I live in Wales, as fair a spot as there is on this Earth  –  as I can attest,  having visited so much of it …..with my second wife Nino. We have  two cats, one of whom  is more intelligent than me. Many animals are  – but because we don’t understand Common-sense we underestimate them. My incorrigible curiosity keeps me both entertained and very busy. My proudest achievement has been to single-parent a son whose own curiosity has led him to find a career as fascinating as mine – studying the world’s forests, both from satellites and from the ground.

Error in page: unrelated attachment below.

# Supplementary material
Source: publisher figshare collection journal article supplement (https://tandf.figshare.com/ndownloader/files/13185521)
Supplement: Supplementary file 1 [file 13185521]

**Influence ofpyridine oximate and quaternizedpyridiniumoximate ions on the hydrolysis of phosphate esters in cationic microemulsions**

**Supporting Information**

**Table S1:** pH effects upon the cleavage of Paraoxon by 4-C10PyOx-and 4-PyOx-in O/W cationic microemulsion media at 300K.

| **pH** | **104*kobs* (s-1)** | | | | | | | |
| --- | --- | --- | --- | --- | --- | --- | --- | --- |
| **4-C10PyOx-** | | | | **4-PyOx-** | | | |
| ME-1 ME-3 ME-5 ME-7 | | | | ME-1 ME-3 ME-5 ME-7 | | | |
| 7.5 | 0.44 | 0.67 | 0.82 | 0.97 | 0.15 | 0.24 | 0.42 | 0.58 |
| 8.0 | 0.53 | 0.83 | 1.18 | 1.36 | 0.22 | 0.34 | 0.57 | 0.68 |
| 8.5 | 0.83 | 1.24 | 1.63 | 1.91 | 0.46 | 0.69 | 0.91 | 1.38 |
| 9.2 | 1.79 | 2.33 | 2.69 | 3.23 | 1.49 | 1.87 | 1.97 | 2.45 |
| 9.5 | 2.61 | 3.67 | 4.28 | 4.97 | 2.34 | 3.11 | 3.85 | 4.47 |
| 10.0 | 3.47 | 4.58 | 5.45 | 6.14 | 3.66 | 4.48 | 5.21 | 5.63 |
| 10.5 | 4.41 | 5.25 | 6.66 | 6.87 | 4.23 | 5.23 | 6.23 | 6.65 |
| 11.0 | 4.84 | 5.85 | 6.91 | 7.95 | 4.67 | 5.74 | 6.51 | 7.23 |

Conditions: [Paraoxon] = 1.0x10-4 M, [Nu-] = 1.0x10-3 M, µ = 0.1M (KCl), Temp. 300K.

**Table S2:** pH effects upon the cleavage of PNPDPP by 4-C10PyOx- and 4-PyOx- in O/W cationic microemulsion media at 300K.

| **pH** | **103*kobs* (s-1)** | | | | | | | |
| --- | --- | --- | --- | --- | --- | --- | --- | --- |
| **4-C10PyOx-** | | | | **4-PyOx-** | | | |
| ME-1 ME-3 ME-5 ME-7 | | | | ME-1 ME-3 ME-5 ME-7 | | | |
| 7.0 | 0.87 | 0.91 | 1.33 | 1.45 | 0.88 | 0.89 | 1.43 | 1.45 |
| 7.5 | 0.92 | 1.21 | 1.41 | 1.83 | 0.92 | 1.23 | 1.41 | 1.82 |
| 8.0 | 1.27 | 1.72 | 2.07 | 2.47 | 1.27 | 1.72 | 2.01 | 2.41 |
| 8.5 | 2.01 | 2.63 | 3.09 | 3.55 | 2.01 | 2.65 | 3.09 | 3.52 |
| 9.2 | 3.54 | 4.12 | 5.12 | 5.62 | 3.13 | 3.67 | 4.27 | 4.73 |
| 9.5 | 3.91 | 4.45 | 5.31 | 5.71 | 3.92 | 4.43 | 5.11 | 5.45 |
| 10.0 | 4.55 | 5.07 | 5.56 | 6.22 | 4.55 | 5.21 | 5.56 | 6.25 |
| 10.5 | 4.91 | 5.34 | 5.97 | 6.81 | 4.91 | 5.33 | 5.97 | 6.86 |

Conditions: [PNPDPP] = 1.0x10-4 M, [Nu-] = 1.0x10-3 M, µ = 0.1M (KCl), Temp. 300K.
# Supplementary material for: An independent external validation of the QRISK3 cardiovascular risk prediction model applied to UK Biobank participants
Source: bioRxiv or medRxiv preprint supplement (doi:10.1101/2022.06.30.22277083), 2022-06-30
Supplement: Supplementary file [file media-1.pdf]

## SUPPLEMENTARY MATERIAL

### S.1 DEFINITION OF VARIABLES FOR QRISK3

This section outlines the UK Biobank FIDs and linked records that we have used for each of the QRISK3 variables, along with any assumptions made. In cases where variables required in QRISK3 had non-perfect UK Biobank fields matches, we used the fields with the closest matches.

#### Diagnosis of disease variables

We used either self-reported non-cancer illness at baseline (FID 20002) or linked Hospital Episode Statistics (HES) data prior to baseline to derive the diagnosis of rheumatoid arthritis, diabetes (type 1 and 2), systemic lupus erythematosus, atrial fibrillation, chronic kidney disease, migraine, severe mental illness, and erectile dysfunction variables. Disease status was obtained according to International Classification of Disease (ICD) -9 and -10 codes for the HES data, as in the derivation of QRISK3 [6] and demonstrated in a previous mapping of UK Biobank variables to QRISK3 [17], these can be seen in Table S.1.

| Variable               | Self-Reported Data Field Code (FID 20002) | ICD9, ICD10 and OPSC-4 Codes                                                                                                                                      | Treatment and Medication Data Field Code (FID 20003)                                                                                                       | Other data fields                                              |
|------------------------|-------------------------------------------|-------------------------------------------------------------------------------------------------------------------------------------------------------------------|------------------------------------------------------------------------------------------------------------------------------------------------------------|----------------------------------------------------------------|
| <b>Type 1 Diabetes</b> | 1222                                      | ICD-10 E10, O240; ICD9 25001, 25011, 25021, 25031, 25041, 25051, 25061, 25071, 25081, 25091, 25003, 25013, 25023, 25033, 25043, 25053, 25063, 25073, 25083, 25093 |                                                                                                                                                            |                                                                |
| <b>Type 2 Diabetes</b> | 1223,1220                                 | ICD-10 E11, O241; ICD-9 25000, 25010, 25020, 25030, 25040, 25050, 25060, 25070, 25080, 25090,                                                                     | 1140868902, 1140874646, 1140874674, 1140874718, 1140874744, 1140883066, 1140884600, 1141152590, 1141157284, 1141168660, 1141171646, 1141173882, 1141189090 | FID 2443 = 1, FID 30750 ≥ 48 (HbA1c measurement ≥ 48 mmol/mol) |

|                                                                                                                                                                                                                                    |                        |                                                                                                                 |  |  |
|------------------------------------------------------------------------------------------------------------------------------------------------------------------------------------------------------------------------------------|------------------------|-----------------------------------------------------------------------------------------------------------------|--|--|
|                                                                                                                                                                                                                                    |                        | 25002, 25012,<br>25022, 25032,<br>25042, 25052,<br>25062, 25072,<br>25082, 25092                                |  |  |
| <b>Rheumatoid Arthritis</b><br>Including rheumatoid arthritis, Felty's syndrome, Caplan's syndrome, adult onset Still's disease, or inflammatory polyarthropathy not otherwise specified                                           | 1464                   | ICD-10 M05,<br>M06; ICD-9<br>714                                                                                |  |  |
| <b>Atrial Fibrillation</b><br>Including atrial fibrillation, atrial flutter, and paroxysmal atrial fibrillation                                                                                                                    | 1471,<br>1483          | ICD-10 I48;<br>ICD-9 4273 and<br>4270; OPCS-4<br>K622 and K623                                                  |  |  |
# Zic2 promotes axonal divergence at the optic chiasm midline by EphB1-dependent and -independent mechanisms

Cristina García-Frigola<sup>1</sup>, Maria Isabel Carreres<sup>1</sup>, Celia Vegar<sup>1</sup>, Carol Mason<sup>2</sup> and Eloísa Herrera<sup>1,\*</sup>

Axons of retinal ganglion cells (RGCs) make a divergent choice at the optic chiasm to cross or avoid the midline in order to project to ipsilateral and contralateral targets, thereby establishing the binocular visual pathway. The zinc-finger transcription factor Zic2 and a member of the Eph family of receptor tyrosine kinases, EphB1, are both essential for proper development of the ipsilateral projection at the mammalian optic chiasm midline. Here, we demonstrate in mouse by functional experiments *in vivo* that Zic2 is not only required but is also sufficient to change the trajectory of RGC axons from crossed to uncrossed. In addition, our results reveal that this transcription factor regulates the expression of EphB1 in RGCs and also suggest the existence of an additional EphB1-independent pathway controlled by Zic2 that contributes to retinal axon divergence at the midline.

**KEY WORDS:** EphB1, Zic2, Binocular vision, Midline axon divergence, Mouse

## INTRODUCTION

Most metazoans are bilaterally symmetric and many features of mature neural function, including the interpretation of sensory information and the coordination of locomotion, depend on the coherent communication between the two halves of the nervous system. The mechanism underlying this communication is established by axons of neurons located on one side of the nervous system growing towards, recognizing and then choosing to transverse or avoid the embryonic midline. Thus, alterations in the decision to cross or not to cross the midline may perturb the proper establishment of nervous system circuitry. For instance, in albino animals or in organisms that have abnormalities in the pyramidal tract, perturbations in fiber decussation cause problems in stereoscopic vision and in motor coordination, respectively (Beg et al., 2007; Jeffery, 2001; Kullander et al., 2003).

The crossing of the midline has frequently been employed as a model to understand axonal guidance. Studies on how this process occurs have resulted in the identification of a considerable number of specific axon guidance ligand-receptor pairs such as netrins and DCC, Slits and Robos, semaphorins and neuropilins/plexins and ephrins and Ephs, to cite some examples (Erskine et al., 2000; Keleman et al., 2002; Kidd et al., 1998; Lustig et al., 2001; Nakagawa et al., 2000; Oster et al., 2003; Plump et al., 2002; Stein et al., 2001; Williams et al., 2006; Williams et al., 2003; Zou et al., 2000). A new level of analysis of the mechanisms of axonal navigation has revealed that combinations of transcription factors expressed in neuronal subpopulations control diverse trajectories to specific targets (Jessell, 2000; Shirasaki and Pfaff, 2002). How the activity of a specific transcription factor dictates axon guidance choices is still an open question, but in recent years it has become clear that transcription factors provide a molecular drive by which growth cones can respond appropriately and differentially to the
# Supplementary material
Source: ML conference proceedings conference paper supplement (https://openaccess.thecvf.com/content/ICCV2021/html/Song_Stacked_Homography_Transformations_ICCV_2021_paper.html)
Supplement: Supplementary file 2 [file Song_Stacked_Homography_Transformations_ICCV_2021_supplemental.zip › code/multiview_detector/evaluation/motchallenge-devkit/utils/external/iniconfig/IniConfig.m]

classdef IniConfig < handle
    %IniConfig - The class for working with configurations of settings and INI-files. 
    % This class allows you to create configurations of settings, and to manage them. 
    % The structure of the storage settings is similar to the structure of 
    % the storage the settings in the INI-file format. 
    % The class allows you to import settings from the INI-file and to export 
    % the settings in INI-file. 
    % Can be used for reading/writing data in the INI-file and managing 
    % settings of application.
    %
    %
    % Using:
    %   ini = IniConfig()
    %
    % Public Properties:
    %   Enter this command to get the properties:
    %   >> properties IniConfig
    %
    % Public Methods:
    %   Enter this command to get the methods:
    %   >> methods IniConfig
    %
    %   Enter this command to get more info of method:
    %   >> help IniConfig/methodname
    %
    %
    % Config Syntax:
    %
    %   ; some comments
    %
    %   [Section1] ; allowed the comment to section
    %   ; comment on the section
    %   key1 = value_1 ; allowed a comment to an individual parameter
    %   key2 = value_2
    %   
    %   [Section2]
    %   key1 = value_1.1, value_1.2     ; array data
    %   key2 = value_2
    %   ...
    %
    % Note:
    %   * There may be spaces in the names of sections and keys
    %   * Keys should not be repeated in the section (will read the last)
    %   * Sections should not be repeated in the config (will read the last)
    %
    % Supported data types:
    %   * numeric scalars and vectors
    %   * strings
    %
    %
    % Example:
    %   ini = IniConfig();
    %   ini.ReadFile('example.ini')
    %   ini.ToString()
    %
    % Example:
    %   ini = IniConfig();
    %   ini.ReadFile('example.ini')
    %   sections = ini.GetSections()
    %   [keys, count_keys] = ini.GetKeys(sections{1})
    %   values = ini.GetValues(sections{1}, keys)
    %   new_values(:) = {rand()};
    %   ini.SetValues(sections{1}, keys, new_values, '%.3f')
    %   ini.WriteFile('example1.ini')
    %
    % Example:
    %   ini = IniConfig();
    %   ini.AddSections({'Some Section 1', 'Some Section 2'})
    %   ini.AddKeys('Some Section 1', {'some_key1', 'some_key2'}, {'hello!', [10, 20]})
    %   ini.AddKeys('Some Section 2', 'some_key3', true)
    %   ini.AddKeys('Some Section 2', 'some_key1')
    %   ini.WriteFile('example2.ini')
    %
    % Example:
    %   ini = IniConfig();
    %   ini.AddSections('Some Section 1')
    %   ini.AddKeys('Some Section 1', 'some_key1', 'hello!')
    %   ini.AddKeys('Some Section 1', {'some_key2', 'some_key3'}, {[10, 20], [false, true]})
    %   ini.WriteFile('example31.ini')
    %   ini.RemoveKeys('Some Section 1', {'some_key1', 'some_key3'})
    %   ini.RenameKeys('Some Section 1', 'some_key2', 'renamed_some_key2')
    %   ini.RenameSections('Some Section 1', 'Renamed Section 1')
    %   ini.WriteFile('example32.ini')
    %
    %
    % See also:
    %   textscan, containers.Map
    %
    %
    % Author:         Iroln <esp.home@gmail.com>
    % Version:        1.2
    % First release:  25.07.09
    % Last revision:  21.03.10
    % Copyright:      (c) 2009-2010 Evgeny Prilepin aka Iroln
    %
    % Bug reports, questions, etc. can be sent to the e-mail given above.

As one who enjoys nothing more than a good argument, I’m  hoping this blog will stimulate a few more.

PS: Here is a drawing of me about 2016 by my colleague and friend Joe Romano. Everyone says it’s the spitting image.

Drawing of Mike Disney 2016 by his friend and colleague Joe Romano